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Education gaps create 'permanent recession,' report says

A new report calculates how much money the US has lost by not meeting its education goals.

Counting up: Third graders at McDonogh 15 Charter School in New Orleans sing a song to illustrate a math problem in this 2007 photo. African-American and Latino students continue to lag behind white students in academic achievement. If that gap had been closed during the past 25 years, the US economy would have grown by $310 billion to $525 billion, a new report says.

Nicole Hill/The Christian Science Monitor/File

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Educational achievement gaps are typically measured in terms of test scores – across lines of race and income, or even across state and national borders. But what if they were measured in dollars?

A report released today estimates how much better off the economy would have been in 2008 had achievement gaps been closed between 1983 and 1998 – the 15 years following a landmark report on education, “A Nation at Risk.”

Achievement gaps in the United States impose “the economic equivalent of a permanent national recession,” the report concludes.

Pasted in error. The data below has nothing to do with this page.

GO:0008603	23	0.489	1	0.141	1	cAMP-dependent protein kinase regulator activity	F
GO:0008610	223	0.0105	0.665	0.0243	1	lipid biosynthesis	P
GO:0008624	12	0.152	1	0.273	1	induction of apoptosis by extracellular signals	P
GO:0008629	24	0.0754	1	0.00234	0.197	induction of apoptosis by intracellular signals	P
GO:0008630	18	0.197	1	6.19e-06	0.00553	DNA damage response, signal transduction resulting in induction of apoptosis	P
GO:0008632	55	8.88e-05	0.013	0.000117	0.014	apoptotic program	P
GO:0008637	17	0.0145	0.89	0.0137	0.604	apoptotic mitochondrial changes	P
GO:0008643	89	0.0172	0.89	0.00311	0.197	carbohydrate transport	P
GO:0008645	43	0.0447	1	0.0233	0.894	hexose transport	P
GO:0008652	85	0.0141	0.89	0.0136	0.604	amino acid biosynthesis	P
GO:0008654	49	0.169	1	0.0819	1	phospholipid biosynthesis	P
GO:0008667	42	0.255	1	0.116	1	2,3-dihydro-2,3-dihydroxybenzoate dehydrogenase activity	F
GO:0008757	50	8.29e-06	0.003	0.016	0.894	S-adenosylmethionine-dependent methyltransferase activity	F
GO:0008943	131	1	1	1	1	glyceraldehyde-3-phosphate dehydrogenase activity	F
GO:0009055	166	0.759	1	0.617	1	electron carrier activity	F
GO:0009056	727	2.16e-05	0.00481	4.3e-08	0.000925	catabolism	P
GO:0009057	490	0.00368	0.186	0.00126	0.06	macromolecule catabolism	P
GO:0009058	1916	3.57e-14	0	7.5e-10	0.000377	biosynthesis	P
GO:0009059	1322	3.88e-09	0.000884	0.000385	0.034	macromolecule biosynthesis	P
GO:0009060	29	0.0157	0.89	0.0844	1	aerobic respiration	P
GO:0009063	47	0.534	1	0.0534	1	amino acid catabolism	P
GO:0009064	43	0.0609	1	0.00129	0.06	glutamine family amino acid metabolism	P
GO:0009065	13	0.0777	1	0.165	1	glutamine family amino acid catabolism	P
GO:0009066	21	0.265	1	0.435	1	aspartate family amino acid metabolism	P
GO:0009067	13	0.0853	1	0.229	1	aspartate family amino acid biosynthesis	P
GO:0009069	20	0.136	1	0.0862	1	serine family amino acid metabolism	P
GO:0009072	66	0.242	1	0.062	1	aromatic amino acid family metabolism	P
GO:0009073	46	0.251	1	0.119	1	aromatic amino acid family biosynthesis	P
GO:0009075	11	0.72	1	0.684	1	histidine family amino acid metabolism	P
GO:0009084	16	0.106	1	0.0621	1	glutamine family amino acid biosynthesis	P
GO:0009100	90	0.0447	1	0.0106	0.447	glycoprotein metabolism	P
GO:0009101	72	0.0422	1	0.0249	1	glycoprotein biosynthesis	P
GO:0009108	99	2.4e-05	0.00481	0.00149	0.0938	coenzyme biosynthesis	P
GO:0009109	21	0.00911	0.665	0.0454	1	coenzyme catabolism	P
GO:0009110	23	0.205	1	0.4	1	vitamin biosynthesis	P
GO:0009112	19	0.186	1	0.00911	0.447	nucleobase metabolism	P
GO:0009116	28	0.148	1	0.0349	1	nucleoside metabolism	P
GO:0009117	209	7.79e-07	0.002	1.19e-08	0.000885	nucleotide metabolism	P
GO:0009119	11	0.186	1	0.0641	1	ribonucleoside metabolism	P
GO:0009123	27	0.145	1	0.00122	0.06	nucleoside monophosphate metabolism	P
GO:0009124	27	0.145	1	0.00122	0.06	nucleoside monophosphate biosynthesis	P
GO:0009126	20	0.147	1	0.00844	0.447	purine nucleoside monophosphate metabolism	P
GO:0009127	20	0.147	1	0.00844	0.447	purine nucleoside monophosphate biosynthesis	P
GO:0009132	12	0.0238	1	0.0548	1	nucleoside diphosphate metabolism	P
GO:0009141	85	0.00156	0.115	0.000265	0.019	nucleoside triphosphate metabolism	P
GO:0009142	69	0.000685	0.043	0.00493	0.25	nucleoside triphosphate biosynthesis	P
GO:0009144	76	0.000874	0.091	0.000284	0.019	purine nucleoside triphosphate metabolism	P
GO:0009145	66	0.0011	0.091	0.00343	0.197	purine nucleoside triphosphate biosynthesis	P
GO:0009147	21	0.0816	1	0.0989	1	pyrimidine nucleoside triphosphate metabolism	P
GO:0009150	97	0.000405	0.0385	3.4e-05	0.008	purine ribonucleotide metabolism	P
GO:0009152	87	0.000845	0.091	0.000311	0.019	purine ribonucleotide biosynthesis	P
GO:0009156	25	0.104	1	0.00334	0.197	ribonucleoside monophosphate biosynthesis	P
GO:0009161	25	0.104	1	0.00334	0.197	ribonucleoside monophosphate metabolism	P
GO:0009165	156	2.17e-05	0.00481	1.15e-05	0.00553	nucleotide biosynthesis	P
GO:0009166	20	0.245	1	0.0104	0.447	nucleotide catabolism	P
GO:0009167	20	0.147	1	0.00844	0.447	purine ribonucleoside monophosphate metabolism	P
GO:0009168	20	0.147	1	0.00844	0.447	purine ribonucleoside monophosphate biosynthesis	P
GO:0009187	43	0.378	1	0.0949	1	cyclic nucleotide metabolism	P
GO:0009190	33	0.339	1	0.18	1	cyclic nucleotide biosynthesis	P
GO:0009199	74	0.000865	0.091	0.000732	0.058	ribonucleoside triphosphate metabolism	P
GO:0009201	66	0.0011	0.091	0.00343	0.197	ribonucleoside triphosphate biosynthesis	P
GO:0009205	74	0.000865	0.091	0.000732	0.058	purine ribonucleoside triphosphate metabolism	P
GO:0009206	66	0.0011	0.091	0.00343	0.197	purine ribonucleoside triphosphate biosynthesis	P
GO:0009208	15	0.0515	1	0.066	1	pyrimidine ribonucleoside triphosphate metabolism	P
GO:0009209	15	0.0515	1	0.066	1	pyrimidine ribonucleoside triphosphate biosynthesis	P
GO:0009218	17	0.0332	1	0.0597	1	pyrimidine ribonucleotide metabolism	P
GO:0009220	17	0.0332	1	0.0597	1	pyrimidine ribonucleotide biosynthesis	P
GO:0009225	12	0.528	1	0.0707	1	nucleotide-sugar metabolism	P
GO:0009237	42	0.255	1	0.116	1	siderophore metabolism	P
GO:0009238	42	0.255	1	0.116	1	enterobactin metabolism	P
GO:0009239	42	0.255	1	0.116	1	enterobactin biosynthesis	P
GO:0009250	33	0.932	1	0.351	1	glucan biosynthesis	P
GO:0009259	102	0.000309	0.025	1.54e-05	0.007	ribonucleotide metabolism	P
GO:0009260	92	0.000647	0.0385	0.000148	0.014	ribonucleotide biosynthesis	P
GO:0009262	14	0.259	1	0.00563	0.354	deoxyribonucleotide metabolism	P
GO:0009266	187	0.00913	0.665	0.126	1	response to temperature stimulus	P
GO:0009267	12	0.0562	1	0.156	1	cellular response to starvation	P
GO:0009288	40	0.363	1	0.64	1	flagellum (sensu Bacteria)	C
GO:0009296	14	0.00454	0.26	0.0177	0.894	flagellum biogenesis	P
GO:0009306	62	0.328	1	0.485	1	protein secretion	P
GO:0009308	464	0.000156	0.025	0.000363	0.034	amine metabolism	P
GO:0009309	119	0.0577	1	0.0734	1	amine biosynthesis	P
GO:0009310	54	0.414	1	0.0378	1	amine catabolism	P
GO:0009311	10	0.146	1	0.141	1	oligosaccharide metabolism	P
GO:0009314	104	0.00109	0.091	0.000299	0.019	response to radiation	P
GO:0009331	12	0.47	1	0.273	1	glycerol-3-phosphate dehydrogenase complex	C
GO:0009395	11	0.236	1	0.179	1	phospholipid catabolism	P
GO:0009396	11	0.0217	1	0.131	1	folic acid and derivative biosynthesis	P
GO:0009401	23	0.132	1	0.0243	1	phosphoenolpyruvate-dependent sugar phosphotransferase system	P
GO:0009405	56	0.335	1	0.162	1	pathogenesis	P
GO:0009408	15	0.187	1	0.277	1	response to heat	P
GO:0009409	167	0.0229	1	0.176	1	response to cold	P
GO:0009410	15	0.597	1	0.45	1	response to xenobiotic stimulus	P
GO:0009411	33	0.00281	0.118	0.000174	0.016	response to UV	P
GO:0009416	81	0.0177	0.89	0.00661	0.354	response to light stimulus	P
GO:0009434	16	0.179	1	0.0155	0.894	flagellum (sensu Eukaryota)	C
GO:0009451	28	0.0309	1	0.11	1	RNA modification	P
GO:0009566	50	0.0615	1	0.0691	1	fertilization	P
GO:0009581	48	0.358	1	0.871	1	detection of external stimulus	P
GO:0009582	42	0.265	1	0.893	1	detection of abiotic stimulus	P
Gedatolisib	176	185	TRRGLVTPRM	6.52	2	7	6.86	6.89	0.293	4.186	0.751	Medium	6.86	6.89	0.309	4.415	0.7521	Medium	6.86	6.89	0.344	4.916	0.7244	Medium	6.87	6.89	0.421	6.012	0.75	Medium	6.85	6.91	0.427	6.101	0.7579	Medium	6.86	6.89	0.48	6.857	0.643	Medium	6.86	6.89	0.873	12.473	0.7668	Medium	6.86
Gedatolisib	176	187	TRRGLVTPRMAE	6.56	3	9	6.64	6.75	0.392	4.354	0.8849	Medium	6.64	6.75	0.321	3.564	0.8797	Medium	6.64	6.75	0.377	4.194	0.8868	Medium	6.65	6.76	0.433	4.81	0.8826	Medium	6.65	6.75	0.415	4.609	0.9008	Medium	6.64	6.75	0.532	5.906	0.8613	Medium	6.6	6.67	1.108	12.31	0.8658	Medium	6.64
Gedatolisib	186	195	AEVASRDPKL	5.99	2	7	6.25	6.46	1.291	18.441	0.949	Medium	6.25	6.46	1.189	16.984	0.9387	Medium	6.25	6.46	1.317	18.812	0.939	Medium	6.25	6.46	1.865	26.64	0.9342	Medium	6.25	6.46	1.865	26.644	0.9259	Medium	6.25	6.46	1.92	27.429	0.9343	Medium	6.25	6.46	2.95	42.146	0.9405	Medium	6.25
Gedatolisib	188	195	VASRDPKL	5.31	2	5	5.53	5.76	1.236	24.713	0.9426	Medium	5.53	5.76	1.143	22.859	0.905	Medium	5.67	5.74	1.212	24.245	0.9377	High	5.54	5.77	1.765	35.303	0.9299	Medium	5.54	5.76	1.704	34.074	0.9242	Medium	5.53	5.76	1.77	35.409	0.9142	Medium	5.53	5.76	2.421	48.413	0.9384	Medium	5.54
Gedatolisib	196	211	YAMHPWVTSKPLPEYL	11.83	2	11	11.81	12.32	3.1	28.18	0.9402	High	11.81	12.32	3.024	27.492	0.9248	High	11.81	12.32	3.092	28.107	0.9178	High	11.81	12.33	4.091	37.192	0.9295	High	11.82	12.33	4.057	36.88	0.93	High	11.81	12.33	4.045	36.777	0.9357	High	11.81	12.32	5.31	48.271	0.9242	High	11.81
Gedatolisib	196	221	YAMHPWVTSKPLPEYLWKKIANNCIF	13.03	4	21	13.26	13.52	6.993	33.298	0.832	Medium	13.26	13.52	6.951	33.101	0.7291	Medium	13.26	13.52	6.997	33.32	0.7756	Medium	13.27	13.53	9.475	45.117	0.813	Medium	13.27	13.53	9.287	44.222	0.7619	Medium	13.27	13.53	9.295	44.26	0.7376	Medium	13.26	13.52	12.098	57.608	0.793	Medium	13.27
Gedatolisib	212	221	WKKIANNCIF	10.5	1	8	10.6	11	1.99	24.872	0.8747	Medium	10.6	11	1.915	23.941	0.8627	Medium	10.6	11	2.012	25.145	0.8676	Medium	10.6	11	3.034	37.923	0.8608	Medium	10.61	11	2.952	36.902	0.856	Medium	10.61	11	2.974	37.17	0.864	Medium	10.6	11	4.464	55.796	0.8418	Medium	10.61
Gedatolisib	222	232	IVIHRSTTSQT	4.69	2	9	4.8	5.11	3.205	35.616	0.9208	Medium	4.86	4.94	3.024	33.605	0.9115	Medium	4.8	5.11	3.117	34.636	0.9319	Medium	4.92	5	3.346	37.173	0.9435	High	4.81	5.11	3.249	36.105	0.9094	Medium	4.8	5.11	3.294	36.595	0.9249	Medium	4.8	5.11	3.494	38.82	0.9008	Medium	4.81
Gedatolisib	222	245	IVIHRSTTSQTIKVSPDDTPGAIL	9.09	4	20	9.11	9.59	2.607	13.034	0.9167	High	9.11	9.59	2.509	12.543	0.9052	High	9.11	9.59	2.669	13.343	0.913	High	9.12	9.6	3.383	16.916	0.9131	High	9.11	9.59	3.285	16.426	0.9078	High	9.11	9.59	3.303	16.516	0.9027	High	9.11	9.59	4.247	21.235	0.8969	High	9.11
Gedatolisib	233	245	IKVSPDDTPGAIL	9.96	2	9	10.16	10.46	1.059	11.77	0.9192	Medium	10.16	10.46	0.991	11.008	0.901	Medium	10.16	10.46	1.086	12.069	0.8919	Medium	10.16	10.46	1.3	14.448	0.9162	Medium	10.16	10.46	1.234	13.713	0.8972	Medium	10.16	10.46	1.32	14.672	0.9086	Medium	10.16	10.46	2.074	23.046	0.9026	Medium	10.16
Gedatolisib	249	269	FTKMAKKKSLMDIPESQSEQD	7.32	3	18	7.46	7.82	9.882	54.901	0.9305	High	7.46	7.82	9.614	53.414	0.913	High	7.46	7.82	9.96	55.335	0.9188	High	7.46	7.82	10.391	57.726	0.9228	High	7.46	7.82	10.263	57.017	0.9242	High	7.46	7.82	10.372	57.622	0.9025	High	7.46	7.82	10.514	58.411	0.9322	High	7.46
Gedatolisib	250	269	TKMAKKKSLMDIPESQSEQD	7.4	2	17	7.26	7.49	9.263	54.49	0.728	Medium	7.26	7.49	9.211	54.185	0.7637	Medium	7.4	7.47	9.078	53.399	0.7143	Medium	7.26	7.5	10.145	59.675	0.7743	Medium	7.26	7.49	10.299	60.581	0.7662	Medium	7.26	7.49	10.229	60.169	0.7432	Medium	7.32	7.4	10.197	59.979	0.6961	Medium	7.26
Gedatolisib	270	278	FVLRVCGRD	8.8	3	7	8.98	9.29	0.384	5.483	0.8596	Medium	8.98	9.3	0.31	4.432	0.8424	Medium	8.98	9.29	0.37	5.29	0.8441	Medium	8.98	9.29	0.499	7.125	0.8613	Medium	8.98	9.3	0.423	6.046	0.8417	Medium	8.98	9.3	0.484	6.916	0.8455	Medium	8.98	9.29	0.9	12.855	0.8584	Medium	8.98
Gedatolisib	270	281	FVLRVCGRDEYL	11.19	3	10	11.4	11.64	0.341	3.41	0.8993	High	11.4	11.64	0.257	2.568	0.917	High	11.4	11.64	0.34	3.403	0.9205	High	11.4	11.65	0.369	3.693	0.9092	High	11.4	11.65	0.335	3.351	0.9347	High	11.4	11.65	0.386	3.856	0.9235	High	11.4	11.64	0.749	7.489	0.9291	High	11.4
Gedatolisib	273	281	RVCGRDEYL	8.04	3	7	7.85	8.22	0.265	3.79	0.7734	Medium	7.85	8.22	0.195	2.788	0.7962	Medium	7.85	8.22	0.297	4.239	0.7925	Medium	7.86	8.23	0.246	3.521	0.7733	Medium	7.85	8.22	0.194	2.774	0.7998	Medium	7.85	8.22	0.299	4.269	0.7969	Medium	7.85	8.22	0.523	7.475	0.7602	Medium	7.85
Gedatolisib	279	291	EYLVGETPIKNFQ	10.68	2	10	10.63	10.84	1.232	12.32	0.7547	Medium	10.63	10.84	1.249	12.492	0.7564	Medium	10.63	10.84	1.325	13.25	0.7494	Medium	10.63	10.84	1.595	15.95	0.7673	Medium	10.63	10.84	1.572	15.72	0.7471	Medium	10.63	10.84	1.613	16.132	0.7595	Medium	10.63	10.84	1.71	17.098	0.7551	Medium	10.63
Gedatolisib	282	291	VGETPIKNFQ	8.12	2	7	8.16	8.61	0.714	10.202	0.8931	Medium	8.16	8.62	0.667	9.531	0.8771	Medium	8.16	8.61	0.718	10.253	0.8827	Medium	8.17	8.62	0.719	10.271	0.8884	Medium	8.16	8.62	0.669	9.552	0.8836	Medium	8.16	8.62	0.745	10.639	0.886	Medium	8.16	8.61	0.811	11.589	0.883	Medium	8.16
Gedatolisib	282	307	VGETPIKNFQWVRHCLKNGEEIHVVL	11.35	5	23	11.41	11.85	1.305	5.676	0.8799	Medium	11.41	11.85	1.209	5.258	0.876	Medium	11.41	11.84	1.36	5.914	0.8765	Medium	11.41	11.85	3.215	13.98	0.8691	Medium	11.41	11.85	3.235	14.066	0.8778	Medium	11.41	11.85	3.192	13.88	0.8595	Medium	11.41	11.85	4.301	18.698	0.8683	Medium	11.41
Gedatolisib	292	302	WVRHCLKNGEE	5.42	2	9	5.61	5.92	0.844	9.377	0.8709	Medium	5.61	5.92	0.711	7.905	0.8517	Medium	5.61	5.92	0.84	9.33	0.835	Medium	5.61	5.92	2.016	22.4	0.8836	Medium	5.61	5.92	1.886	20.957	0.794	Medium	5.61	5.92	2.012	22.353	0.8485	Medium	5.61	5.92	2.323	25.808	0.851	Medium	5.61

It suggests that US economy would have gained:

- $400 billion to $670 billion – or 3 to 5 percent of gross domestic product (GDP) – if students from homes with incomes below $25,000 had risen academically to the level of those above $25,000.

- $310 billion to $525 billion – or 2 to 4 percent of GDP – if African-Americans and Latinos had caught up academically with whites.

- $425 billion to $700 billion – or 3 to 5 percent of GDP – if below-average states had performed at the average level.

- $1.3 trillion to $2.3 trillion – or 9 to 16 percent of GDP – if the US performed at the level of top-performing nations on PISA, an international test of 15 year olds.

By comparison, in the current deep recession, the US economy is falling about $1 trillion short of its output potential, notes the report, published by McKinsey & Company, an international consulting firm with an office in Washington.

From President Obama to governors to parent groups, a growing chorus of voices is linking education to the nation’s economic future.

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